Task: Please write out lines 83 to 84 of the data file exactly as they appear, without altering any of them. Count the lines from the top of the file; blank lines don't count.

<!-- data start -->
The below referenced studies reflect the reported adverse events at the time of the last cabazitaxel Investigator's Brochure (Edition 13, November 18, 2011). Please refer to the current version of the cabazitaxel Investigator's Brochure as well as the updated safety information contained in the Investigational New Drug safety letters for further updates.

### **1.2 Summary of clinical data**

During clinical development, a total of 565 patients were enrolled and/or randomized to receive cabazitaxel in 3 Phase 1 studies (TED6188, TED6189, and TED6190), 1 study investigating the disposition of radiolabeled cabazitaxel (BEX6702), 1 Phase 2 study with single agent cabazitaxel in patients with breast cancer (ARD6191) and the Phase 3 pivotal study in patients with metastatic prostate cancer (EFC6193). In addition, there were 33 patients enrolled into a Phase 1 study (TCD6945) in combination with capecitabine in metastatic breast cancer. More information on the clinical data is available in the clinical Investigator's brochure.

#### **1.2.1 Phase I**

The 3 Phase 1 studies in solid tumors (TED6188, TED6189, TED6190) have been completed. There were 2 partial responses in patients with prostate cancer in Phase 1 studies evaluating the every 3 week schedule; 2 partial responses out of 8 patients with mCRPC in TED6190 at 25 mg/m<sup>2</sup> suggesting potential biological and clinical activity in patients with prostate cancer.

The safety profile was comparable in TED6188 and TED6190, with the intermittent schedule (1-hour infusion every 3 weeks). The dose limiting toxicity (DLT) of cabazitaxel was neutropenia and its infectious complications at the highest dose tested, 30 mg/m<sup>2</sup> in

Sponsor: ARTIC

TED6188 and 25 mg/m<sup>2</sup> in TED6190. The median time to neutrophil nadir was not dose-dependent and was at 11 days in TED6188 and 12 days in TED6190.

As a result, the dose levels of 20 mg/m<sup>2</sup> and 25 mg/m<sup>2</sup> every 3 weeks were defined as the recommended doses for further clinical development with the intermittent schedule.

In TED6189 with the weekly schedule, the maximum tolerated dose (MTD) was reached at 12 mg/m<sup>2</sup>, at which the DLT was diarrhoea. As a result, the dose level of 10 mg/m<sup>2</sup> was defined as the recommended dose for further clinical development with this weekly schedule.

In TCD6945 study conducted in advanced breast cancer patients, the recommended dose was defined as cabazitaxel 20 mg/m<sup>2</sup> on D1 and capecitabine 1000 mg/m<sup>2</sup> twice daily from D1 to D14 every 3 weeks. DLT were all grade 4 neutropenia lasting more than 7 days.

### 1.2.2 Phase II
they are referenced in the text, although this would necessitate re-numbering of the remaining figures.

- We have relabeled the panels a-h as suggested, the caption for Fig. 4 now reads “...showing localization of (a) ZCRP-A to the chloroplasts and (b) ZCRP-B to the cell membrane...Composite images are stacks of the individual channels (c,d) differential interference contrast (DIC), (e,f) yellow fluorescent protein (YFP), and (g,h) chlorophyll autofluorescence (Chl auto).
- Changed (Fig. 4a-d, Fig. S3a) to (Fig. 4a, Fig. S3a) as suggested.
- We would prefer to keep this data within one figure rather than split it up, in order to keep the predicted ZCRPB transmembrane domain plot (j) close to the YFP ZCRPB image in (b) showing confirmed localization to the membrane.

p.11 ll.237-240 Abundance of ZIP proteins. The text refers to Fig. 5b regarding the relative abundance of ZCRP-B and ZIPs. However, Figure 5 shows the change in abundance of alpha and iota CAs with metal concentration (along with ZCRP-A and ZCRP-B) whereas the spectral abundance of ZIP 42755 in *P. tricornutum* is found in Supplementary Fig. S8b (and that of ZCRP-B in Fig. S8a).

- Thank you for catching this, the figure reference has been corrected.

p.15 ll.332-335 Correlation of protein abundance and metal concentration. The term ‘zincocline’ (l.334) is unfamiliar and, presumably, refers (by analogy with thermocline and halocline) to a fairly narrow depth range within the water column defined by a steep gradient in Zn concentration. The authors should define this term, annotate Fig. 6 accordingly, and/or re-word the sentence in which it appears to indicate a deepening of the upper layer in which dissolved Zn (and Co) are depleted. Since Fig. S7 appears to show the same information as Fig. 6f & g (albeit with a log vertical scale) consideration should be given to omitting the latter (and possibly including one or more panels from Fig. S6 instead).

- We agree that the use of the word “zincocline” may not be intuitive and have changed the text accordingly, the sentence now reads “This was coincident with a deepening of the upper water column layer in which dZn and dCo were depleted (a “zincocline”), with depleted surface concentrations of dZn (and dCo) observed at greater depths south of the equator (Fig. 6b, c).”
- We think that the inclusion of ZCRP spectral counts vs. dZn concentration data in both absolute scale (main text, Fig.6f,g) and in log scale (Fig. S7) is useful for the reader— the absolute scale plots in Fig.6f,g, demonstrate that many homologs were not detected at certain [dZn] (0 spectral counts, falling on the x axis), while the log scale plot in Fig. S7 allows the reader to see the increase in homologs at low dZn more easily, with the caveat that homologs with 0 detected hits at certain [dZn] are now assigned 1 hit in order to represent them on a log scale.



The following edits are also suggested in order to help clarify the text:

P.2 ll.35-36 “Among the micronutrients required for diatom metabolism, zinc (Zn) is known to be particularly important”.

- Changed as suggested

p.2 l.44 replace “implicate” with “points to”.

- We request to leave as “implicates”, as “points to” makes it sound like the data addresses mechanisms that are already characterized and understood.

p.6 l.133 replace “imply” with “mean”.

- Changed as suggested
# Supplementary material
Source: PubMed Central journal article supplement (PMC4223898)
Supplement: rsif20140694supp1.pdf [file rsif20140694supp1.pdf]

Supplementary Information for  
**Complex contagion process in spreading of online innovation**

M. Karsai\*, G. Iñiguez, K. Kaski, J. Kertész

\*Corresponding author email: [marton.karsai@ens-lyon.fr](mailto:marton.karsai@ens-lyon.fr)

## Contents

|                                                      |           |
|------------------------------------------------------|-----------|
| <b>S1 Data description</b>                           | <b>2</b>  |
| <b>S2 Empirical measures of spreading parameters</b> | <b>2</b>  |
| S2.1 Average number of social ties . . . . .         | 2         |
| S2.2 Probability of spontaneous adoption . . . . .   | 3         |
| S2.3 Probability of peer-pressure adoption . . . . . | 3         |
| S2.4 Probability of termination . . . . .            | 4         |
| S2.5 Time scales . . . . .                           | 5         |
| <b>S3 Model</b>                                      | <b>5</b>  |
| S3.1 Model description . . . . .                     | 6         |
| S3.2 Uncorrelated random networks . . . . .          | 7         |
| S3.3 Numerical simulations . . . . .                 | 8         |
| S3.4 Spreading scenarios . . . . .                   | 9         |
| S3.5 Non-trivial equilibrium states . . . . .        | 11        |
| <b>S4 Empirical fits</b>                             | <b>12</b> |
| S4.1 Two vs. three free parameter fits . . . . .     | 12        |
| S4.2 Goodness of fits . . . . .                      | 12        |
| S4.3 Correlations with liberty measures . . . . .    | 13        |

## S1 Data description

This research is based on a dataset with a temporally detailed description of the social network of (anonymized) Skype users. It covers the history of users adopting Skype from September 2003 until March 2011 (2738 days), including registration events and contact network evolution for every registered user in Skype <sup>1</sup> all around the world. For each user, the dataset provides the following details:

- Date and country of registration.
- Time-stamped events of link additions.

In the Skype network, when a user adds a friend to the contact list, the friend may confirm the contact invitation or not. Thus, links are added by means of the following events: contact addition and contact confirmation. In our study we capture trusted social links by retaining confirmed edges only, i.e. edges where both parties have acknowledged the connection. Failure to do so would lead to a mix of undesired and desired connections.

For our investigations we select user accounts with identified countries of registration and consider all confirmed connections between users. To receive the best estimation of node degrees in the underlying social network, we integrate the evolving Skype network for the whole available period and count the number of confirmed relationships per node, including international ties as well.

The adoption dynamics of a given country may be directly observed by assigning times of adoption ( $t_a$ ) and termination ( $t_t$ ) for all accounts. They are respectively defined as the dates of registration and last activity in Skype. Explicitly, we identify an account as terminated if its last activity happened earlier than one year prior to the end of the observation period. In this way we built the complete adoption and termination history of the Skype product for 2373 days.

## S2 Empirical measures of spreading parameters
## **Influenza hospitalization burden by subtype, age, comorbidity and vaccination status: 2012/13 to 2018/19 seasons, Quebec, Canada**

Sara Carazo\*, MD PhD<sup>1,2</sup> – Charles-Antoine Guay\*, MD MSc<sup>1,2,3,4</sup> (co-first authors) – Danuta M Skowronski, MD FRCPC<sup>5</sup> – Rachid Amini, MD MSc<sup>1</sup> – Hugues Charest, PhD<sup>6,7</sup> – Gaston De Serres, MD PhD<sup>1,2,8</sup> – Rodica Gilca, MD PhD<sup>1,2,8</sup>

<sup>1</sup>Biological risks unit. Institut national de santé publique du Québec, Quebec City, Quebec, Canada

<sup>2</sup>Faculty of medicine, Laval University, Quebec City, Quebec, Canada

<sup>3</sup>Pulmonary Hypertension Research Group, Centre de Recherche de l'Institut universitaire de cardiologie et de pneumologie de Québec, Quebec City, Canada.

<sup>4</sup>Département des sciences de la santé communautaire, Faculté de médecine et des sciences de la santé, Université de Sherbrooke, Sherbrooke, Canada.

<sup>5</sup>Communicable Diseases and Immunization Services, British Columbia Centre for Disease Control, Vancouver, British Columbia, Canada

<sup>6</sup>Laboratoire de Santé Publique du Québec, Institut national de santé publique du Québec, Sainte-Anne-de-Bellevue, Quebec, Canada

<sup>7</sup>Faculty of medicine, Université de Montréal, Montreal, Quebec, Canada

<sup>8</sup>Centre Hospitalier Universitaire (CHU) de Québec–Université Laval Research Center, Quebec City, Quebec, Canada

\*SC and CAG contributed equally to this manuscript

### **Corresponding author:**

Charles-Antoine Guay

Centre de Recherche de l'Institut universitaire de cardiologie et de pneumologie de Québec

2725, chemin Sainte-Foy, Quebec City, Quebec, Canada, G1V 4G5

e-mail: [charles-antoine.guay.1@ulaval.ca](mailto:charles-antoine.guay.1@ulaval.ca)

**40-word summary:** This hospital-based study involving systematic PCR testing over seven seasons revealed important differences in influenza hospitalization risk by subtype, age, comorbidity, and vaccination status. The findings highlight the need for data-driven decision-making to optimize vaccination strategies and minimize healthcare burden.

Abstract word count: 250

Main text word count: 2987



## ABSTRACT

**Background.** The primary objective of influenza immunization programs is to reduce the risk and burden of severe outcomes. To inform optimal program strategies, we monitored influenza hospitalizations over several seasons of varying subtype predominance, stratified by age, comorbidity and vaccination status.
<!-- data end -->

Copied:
## ABSTRACT

**Background.** The primary objective of influenza immunization programs is to reduce the risk and burden of severe outcomes. To inform optimal program strategies, we monitored influenza hospitalizations over several seasons of varying subtype predominance, stratified by age, comorbidity and vaccination status.